A February 2015 report from NHTSA’s 2013-2014 survey shows a continued decline in the percentage of drivers under the influence of alcohol. In 1996, 16.9% of those surveyed had a Breath Alcohol Concentration (BrAC) greater than .05 gm/210 L, compared with a mere 8.3% in 2013-2014. One might believe from these statistics that we’re making great progress in reducing the incidence and impact of drunk driving. Wow! We cut the percentage of alcohol-impaired drivers in half!
A closer look at other NHTSA numbers from their Fatality Analysis Reporting System tells a very different story. Although traffic fatalities due to DUI dropped from 13,451 in 1996 to 10,076 in 2013-2014, the percentage of DUI-caused fatalities (>.08 BAC) didn’t budge (32.0% to 30.9%). The drop in DUI-caused fatalities was created almost entirely by the drop in overall fatalities, which went from 42,065 to 32,609.
It’s wonderful to see that safer roads, safer cars, and less driving caused by the severe economic recession resulted in fewer traffic fatalities. But we shouldn’t fool ourselves into believing that we’re making substantial progress in reducing the impact of DUI. The number of crashes that involve intoxicated drivers is still just as high when compared to the decrease in traffic fatalities due to the economic factors.
The vastly different outcomes of the two NHTSA reports, one based primarily on thousands of coroner’s reports, the other on voluntary roadside surveys, should make us question the basis of quoted statistics.
Another February 2015 report from NHTSA studied over 3,000 drivers involved in crashes compared with 6,000 comparable controls who were not involved in crashes. The report did not find a statistically significant increase in crash risk associated with marijuana use. But failure to find an association is not the same as finding there is no association. Especially with a study that was never designed to detect marijuana’s impact on crash risk in the first place. Perhaps this is why the authors cautioned, “While the findings of this case control study were equivocal with regard to the crash risk associated with drug use by drivers, these results do not indicate that drug use by drivers is risk-free.”
Here is why we claim that the latter study was never designed to detect marijuana’s impact on crash risk:
- All drivers involved in crashes were not surveyed or tested. Only those drivers who volunteered to participate were surveyed or tested. Perhaps those drivers who were involved in crashes but knew they were stoned declined to participate? See the above example to understand the weakness of voluntary survey-based data.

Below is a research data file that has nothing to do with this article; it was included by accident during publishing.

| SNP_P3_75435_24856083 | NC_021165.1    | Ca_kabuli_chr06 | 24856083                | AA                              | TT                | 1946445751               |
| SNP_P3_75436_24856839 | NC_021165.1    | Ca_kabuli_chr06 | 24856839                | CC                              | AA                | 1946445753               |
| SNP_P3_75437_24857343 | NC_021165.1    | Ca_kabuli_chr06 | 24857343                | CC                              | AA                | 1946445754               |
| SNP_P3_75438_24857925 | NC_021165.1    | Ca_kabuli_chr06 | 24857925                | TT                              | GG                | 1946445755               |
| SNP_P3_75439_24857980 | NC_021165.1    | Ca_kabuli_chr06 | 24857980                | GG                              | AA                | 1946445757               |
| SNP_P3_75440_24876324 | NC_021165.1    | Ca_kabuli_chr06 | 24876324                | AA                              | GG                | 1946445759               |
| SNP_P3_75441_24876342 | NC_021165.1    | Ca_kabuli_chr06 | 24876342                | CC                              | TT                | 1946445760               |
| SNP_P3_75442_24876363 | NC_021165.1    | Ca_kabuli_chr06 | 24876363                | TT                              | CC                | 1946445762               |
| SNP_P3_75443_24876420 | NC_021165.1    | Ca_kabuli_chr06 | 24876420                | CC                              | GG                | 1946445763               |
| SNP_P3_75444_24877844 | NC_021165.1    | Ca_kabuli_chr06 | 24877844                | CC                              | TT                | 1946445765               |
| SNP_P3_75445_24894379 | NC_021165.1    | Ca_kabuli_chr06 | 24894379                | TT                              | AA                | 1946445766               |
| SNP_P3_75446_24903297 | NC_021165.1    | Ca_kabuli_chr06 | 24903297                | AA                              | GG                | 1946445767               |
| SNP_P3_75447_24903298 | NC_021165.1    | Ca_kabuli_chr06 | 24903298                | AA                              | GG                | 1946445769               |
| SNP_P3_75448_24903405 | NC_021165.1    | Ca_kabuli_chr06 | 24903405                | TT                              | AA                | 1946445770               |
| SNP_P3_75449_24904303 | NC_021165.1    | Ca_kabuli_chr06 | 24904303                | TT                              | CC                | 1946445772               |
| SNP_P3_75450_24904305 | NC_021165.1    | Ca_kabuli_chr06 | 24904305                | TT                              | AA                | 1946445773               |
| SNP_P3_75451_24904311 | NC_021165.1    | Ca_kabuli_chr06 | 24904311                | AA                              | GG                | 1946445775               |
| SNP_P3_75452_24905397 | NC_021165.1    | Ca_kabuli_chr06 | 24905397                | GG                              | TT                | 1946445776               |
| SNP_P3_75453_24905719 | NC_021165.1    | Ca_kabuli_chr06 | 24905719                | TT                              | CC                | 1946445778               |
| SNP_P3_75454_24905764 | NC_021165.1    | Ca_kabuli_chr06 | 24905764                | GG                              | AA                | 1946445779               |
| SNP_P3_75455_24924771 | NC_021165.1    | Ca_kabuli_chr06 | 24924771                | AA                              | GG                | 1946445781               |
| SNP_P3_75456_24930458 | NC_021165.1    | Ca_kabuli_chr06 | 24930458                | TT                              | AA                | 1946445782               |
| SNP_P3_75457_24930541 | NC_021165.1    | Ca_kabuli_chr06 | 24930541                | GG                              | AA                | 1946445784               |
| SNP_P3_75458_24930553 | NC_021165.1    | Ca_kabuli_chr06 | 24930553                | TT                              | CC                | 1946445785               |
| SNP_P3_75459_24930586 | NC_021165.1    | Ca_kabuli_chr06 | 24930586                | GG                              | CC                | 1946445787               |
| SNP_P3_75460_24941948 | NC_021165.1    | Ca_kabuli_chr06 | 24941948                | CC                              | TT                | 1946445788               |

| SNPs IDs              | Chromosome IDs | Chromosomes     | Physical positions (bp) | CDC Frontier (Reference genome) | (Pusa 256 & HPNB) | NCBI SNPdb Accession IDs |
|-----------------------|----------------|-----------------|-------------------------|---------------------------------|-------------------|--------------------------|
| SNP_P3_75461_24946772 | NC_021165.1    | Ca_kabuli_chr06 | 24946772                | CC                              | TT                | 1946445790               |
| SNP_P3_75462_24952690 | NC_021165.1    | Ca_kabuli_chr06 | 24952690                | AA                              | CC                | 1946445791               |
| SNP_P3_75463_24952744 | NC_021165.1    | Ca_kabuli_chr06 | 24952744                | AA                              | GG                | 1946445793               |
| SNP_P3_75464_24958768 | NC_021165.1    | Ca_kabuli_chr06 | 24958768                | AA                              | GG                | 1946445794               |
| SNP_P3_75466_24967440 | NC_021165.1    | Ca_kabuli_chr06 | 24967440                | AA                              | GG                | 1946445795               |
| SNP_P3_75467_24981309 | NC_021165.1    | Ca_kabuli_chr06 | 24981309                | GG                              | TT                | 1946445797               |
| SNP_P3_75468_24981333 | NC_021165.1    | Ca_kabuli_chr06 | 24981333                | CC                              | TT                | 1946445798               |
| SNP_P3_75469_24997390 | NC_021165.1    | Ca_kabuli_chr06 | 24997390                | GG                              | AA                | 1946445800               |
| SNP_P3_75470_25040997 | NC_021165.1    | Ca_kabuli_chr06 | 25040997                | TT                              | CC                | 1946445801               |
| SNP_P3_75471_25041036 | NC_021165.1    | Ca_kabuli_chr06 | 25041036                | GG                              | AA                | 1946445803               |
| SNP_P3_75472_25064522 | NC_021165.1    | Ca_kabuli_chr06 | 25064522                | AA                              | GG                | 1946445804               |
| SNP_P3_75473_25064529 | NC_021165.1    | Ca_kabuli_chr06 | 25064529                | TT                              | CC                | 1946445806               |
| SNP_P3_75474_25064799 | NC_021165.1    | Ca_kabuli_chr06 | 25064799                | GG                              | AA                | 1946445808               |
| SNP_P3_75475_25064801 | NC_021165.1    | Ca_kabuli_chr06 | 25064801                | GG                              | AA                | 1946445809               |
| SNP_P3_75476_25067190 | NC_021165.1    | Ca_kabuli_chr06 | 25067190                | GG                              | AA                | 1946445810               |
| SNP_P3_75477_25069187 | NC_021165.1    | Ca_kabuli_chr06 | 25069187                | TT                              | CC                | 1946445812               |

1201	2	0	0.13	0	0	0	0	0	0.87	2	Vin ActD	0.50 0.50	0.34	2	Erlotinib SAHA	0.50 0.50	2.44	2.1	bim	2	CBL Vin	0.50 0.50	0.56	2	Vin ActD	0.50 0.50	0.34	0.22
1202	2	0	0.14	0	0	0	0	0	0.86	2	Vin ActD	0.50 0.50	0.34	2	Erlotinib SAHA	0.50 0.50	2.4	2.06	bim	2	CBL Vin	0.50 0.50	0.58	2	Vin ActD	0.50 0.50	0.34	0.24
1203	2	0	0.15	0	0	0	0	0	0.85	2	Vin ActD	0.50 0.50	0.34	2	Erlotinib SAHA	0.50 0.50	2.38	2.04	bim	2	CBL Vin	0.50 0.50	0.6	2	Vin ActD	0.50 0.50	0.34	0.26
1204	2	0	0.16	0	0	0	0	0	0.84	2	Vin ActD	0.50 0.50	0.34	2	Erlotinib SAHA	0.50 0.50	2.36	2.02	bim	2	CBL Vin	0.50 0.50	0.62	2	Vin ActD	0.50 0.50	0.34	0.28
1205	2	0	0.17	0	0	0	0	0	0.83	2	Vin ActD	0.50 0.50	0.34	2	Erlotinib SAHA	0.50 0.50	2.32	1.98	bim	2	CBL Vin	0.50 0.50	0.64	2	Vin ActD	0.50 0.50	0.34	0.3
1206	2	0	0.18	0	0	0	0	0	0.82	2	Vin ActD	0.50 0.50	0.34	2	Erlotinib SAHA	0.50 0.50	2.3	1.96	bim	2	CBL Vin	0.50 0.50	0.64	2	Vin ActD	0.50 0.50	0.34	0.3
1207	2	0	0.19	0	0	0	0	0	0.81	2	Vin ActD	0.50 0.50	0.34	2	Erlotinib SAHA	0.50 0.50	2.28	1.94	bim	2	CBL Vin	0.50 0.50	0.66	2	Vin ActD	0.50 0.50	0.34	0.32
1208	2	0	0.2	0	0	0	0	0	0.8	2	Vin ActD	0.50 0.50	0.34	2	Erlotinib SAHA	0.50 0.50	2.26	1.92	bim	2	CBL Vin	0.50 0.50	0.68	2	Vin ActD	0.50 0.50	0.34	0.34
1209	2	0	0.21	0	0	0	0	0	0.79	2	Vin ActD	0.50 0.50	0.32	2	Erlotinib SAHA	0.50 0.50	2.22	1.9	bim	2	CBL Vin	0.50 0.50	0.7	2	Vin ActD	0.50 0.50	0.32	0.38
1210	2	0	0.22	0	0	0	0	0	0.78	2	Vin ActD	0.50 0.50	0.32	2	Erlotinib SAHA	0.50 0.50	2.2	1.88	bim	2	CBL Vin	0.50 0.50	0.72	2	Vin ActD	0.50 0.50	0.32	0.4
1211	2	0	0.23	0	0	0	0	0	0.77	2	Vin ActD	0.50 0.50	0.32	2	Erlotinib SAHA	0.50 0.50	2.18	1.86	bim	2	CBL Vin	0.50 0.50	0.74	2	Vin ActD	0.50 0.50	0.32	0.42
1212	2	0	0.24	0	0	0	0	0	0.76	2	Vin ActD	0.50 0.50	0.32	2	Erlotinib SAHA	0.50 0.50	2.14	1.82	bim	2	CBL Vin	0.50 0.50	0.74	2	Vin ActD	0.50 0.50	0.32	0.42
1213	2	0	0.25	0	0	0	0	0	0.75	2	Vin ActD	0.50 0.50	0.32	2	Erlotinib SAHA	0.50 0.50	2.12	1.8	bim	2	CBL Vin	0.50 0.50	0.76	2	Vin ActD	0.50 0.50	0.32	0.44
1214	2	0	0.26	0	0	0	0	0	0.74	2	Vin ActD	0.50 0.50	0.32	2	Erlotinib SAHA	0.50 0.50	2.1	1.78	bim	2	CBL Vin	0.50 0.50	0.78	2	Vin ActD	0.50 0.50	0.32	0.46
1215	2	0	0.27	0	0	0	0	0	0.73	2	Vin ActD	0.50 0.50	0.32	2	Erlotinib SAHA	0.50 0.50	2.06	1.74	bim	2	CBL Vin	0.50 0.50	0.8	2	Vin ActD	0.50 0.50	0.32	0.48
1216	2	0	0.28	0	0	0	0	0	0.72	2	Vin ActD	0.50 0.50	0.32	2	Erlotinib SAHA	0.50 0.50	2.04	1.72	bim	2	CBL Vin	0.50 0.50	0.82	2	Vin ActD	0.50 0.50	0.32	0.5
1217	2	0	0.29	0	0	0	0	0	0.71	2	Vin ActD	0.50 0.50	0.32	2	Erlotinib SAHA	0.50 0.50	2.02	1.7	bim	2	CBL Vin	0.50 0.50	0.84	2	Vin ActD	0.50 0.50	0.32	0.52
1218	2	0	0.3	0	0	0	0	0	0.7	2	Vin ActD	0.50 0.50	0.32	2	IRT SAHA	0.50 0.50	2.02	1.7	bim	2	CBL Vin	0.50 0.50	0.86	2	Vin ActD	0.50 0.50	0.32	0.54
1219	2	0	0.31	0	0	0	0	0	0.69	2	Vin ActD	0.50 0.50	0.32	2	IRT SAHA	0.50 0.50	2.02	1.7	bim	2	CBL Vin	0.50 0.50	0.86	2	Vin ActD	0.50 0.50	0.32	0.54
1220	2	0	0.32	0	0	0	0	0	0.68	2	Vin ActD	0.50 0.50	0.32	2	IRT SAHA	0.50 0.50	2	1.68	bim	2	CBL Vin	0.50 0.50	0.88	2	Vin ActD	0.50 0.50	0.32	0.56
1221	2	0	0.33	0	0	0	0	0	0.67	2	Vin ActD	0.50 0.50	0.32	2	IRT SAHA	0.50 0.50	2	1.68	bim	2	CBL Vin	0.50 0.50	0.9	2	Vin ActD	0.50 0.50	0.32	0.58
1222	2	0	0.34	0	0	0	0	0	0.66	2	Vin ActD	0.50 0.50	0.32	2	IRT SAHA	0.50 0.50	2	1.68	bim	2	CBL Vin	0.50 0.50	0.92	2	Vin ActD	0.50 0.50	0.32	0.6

- The 3,000 drivers who volunteered to participate were from 2,600 crashes. Yes, that’s right. The drivers included not only those who caused the crash, but innocent victims as well. The mix of culpable drivers vs. victims was not reported. But we know that inclusion of any innocent victims should dilute the effect of any intoxicant in the study results.
- The study relied on oral fluid testing for all control subjects, whereas drivers involved in crashes used a combination of oral fluid testing and blood testing. Marijuana’s THC is highly concentrated in oral fluid, compared with blood, so oral fluid tests can yield a positive THC result even when the concentration in blood is too low to yield a positive result. We know this is the case because 100% of subjects in this study who tested positive for marijuana’s inactive metabolite, carboxy-THC, also tested positive for the active intoxicant THC, something that never happens with blood analysis. So we are left with the conclusion that the controls had a reported positive THC level higher than what would be expected from blood testing. This would reduce the calculated effect of marijuana’s effect in causing crashes.
- The study was conducted in Virginia Beach, a military town with a highly supportive police department that has worked diligently to reduce drunk and drugged driving. The Virginia Beach reported results, compared with national results, demonstrate the effectiveness of these efforts. But that also means that Virginia Beach may not be a representative community in which to conduct the study.
Unfortunately, deficiencies in reports such as those described above are sufficiently esoteric that they will be overlooked, thus permitting incorrect inferences by the media and the public.
 “Results of the 2013–2014 National Roadside Survey of Alcohol and Drug Use by Drivers,” Amy Berning, Richard Compton, and Kathryn Wochinger, National Highway Traffic Safety Administration, TRAFFIC SAFETY FACTS Research Note, DOT HS 812 118
 NHTSA FARS http://www-fars.nhtsa.dot.gov/Trends/TrendsAlcohol.aspx
 “Drug and Alcohol Crash Risk,” Richard P. Compton and Amy Berning, National Highway Traffic Safety Administration, TRAFFIC SAFETY FACTS Research Note, DOT HS 812 117